This month, I will bring to a close a series of articles based on the countries that are in, border on or depend on the Indian Ocean. My intent was not to suggest that this area is especially suited for collecting any more than any other area, but rather, to show how by simply picking up a map and selecting an area of the world that you might not be that familiar with, you just might find some unexpected enjoyment in your worldwide stamp collection while expanding your non-stamp collecting knowledge base.
Our tour of the area started with the islands of the Indian Ocean and then moved up the east coast of Africa, through Mozambique and to the north heading toward the port city of Aden in Yemen. Aden lies on the Gulf of Aden, a body of water that is part of the Indian Ocean and connects to the Red Sea through a relatively narrow channel called Bab el Mandeb Sound. If you have your map handy, you can easily see that the connection to the Red Sea leads all the way to Egypt where it splits and can be followed to Israel and to the Suez Canal.
For roughly a hundred years Aden was a British Protectorate and most of the early stamps used there were from Great Britain, India, Ceylon and Mauritius. Identification is through postmarks. Between 1937 and 1951, stamps were issued specifically for use in Aden. Figure 1 is Aden 22, one of several values of a set that depict the capture of Aden in 1839. Collecting stamps of Aden is fairly straightforward. Although there are a number of color varieties and a group of sets of stamps that were issued for the Kathiri and Quaiti States, most of the challenge lies in finding the stamps used in Aden before 1937.
Figure 2 is an example of these stamps. It is India 41. The cancel identifies the stamp as having been used in Aden on March 30, 1887. To fully understand the importance of this area to the world economy, it is important to look beyond oil. In 1869, the Suez Canal opened providing access from the Mediterranean Sea to the Red Sea and ultimately to the Indian Ocean and the rest of the world.
Ships of that time needed to refuel, that is take on wood or more commonly, coal. Aden was a major refueling stop for ships of all flags passing through the area, but the French and Italians worried about their dependence on a British port for fuel. Before we go any further, it is critical that we understand the history of the Suez Canal a bit better.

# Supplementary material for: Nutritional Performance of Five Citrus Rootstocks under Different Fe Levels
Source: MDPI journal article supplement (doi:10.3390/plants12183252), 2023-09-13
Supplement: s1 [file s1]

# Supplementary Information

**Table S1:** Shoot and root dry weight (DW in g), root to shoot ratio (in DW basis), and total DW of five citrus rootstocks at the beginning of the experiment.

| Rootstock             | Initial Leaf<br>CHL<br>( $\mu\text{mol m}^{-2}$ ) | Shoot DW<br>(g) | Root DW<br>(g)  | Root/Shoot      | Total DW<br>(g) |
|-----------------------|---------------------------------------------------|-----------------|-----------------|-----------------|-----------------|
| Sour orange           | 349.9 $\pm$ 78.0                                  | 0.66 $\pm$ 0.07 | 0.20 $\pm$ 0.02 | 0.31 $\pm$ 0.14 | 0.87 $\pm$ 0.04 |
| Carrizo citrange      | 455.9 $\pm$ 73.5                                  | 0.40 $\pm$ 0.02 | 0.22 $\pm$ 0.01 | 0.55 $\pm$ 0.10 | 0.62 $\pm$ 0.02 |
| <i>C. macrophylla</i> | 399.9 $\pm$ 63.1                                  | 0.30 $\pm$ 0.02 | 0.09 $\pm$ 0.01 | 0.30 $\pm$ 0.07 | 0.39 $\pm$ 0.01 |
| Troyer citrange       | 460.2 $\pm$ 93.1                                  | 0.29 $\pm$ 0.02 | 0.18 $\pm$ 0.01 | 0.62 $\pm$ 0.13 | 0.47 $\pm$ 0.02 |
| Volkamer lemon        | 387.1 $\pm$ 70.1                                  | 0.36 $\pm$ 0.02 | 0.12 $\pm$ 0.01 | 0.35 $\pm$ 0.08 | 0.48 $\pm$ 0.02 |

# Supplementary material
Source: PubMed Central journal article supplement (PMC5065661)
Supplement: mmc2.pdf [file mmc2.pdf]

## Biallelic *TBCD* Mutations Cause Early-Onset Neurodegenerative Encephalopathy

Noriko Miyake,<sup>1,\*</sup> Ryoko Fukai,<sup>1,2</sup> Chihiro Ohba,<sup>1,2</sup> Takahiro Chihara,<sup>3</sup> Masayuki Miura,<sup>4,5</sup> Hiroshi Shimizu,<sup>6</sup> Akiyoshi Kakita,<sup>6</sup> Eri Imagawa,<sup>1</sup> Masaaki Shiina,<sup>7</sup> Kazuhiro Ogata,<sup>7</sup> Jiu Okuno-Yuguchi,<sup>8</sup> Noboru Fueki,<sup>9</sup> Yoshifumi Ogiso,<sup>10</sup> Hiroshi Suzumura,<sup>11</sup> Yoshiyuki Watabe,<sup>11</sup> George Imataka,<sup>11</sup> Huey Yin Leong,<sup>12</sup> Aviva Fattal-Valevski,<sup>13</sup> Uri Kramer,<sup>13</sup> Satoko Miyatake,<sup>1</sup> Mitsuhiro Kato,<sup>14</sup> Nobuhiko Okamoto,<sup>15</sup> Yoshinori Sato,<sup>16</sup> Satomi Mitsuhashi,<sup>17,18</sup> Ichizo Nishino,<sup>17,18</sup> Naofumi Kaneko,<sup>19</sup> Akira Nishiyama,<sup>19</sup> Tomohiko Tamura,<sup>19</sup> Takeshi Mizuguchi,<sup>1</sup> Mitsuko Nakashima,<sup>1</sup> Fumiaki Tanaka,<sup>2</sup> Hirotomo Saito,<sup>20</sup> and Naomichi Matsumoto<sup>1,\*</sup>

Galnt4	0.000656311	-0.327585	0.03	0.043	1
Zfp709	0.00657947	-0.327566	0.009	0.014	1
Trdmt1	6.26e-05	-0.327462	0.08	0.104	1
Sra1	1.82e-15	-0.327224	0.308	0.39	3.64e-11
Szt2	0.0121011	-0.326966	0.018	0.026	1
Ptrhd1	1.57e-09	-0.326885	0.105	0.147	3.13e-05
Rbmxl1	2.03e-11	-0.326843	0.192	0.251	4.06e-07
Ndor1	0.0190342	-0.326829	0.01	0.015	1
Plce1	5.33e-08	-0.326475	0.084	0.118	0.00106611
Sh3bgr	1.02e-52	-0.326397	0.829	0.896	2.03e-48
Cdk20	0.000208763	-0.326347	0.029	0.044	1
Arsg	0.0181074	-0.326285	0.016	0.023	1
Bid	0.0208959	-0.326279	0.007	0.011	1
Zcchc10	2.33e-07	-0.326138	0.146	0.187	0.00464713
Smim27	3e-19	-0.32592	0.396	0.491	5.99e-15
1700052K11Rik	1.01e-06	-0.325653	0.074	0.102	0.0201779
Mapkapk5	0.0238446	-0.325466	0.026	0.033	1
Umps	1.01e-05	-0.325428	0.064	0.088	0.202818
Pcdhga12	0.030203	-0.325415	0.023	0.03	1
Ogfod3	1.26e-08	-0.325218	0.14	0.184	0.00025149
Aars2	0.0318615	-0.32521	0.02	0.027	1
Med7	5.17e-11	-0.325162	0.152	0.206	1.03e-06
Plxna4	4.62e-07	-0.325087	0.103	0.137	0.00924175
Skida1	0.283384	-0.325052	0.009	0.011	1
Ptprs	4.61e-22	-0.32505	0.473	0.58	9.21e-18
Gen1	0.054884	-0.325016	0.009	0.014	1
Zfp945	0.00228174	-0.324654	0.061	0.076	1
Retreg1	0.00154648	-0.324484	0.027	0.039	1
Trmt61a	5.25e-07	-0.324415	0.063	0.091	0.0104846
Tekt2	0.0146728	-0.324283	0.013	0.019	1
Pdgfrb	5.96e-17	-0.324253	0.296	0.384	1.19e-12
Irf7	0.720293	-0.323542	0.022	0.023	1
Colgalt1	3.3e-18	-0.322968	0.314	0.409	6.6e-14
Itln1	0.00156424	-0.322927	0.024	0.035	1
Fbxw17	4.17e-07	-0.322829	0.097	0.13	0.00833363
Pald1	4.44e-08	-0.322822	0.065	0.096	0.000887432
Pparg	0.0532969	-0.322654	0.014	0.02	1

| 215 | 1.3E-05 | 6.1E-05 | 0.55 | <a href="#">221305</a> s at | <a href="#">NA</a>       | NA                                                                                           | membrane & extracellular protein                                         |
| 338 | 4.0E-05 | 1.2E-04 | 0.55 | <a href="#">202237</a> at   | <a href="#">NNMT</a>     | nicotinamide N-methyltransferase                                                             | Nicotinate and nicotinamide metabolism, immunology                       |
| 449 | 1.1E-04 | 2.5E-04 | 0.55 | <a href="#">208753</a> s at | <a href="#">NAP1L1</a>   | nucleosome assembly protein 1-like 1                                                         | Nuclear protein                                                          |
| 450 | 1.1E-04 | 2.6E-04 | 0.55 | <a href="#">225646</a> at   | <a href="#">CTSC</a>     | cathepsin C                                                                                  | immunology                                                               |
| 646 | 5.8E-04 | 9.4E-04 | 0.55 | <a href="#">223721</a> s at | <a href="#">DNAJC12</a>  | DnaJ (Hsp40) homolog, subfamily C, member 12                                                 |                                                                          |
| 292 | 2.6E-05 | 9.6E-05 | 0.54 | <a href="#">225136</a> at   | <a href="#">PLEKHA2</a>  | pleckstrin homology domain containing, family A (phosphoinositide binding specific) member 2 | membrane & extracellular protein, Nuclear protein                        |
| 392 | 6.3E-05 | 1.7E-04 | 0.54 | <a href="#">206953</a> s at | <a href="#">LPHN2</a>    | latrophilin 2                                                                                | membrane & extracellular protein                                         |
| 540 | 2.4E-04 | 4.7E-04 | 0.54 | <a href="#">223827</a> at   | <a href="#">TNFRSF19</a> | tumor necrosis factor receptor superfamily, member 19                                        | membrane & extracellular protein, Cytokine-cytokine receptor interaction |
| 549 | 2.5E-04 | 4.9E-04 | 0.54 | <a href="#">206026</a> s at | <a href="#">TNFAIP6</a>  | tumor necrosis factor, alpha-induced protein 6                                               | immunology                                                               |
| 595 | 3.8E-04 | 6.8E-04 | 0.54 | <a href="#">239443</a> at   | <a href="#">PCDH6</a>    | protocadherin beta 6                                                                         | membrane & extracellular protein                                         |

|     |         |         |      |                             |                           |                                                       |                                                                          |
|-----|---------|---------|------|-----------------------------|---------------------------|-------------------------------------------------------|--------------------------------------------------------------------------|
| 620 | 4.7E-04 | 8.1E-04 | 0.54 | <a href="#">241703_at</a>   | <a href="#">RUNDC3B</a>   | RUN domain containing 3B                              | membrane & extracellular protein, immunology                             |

The canal is about 100 miles long. Before the canal existed, it was quite common for goods to be transported by boat to Port Said on the Mediterranean Sea, unloaded and carried overland to Suez on the Red Sea, and there reloaded on ships to head toward the Indian Ocean. The idea of building a canal in the region goes back many centuries, but it was in 1858 that a company was created to undertake the project. It took eleven years to build the canal, from December 15, 1858 until November 17, 1869 when the canal opened for traffic.
Almost 2 million men worked on the construction and more than 100,000 died during the process. Although a simplification of the political situation in the region, I’d suggest that the preceding paragraph is sufficient for most of us stamp collectors to understand why a number of little "countries" exist in our albums. Take for example, Obock. This port city in what is today the country of Djibouti is located about 120 miles to the southwest of the port of Aden across the Gulf of Aden.
While I do not profess to be a maritime scholar, it appears to me from looking at a map that Obock is closer to the path ships would normally take when coming out of the Red Sea, and therefore the location of Obock could well pose a significant alternative for ships looking to refuel over Aden. Was this in the minds of the French when in 1862 Obock became the first French colony in the region? Was it the history of war between the French and British that prompted the creation of Obock? Wouldn’t it be nice to have been a fly on the wall in all those French meeting rooms as the plans for the creation of Obock took form?
I expect that the date is the key. Remember the year 1862 is just about at the mid-point of the building of the Suez Canal. Giving the French credit for being a typical political entity, it is reasonable to expect that they spent some time deciding on what to do once they realized that the Suez Canal would actually be built. The result. Obock! Obock stood on its own for only a few years and eventually became part of what was known first as French Somali-land, Somali Coast and now Djibouti.